Jessamine Batario’s presentation, “Screams and Sunday Afternoons: The Occupy Art History Movement,” centers around an Internet meme that occurred in November 2011. Through close readings of two particular doctored images – Edvard Munch’s The Scream and Georges Seurat’s Dimanche Après-Midi sur l’île de la Grande Jatte – Jessamine analyzes how incongruous humor leads to a phenomenological and structural inversion of power that fulfills the ideology not only of the 99%ers of the Occupy Movement, but their detractors as well. Ultimately, her paper posits a rethinking of the traditional spatial binaries of public vs. private through a discussion of the Internet as a viable stage for the performance of pluralistic identities.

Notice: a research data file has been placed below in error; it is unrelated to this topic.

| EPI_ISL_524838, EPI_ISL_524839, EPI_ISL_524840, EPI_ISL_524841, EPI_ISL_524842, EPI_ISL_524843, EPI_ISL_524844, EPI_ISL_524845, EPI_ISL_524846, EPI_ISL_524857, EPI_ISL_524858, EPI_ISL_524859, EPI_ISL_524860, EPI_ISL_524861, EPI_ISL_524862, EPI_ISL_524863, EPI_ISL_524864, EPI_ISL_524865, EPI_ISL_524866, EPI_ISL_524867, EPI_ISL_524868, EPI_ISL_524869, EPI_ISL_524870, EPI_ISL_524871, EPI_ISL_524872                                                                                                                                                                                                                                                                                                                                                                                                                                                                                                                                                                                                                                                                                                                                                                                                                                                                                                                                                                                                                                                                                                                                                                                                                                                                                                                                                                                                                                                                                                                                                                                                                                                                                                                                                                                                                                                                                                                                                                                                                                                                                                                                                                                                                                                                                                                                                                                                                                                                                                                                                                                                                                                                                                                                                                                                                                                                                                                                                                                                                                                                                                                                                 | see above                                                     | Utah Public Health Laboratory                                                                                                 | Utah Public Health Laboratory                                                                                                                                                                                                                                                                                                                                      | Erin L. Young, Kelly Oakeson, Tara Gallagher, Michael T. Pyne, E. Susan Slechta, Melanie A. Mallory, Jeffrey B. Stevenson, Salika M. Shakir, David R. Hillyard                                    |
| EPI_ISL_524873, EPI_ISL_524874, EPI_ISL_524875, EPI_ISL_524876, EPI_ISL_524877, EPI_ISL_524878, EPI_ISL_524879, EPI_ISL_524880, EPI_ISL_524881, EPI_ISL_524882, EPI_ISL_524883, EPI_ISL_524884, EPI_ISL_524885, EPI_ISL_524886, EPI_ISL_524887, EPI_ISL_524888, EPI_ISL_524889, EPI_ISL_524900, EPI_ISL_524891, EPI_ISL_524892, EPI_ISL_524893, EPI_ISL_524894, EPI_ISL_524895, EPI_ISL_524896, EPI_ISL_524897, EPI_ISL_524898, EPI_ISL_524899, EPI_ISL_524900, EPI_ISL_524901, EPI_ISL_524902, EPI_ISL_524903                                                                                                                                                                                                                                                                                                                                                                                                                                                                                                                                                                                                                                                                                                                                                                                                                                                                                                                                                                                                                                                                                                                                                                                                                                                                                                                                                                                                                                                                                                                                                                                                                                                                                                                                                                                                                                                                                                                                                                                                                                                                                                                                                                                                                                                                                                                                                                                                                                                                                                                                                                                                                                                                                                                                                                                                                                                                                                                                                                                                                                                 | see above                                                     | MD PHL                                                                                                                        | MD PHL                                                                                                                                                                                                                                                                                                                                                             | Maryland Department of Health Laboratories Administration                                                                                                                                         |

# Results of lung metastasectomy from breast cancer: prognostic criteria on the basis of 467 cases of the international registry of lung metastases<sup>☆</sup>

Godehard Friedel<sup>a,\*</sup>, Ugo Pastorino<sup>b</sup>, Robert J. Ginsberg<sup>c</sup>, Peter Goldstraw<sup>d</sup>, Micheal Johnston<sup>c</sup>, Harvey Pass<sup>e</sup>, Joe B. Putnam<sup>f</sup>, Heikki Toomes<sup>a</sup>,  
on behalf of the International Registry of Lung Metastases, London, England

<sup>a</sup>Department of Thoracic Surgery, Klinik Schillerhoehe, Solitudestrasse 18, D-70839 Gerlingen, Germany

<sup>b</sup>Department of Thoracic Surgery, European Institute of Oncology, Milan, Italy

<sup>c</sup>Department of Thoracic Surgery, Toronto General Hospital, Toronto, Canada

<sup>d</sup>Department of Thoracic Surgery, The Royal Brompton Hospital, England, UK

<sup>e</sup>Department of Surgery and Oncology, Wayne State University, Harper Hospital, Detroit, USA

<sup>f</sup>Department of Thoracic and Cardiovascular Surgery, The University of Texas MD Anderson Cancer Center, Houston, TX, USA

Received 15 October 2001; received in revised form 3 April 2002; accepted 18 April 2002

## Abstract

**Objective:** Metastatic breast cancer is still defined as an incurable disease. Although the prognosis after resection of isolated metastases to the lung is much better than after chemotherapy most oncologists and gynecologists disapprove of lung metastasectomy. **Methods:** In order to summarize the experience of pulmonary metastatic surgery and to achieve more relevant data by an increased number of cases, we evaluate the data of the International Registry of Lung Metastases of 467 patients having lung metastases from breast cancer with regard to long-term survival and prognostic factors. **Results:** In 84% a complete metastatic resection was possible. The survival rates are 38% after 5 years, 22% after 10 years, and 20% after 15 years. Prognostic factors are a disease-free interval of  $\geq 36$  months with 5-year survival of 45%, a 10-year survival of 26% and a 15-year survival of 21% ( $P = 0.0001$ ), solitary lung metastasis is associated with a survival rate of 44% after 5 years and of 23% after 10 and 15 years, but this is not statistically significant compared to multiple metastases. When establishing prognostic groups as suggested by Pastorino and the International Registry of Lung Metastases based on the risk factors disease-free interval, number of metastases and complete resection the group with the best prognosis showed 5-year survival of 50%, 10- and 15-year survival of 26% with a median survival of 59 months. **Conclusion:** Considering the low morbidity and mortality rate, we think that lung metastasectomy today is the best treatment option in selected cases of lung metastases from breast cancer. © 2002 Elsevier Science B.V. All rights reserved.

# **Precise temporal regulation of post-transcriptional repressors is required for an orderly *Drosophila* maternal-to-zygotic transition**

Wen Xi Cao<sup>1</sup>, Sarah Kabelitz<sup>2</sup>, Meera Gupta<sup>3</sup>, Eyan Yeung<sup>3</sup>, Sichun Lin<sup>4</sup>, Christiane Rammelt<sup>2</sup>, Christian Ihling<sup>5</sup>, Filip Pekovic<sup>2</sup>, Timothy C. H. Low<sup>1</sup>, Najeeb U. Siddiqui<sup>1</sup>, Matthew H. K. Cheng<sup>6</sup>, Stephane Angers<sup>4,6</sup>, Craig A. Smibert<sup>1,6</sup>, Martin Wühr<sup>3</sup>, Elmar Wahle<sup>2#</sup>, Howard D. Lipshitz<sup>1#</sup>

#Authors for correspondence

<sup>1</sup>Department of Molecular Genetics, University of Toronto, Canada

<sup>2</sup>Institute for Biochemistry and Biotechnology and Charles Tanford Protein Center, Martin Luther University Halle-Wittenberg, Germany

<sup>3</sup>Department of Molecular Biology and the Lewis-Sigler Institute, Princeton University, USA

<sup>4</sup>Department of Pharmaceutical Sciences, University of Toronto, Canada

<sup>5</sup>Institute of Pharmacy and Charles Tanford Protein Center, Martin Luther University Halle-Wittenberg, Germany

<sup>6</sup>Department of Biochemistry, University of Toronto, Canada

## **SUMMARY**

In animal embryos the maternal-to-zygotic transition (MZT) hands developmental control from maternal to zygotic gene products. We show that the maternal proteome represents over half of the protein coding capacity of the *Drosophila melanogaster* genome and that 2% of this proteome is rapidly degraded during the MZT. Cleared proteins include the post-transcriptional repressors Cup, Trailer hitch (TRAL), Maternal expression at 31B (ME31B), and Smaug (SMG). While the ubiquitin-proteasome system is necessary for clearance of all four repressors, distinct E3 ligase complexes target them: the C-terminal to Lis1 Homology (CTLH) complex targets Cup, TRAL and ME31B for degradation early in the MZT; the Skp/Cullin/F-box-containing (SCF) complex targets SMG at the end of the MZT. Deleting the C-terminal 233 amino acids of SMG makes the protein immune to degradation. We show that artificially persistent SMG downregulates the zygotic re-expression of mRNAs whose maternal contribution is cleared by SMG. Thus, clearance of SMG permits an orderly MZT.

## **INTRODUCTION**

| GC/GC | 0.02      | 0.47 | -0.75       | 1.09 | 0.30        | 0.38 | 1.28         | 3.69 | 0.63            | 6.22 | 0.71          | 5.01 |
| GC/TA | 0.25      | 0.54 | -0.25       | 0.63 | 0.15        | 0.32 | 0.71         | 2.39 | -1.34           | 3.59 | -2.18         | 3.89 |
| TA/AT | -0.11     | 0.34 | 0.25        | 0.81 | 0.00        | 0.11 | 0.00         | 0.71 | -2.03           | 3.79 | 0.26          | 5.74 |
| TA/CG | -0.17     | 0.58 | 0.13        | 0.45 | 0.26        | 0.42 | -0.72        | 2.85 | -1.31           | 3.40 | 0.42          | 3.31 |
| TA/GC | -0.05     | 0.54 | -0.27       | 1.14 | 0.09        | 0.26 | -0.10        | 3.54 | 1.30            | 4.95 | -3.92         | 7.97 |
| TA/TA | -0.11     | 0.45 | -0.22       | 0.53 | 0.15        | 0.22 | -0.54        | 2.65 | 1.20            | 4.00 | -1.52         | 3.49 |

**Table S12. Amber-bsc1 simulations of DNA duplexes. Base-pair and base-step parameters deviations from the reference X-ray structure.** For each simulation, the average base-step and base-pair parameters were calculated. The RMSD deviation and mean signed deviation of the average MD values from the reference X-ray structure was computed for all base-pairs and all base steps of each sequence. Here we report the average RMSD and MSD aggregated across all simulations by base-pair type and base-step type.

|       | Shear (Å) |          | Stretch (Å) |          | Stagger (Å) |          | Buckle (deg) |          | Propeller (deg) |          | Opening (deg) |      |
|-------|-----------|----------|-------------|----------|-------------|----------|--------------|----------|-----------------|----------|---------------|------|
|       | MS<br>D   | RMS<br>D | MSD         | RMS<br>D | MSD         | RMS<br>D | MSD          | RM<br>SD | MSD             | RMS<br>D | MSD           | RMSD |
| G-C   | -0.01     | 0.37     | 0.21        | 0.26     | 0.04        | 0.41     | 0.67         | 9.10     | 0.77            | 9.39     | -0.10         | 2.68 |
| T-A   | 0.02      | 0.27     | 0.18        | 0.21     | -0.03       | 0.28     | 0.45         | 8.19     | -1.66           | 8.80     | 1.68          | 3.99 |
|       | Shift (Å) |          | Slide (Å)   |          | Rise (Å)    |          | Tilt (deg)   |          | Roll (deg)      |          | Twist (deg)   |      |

Jessamine received her B.A. in art history from the University of California, Berkeley and is currently an M.A. candidate at the University of Texas at Austin. Broadly speaking, her interests lie in nineteenth-century European painting, history of art history, phenomenology and hermeneutics. Jessamine’s thesis is on Francisco de Goya’s Untitled (Saturn Devouring one of his Children) and its “afterlife.”
Ms. Batario will present “Screams and Sunday Afternoons: The Occupy Art History Movement” during Panel #3.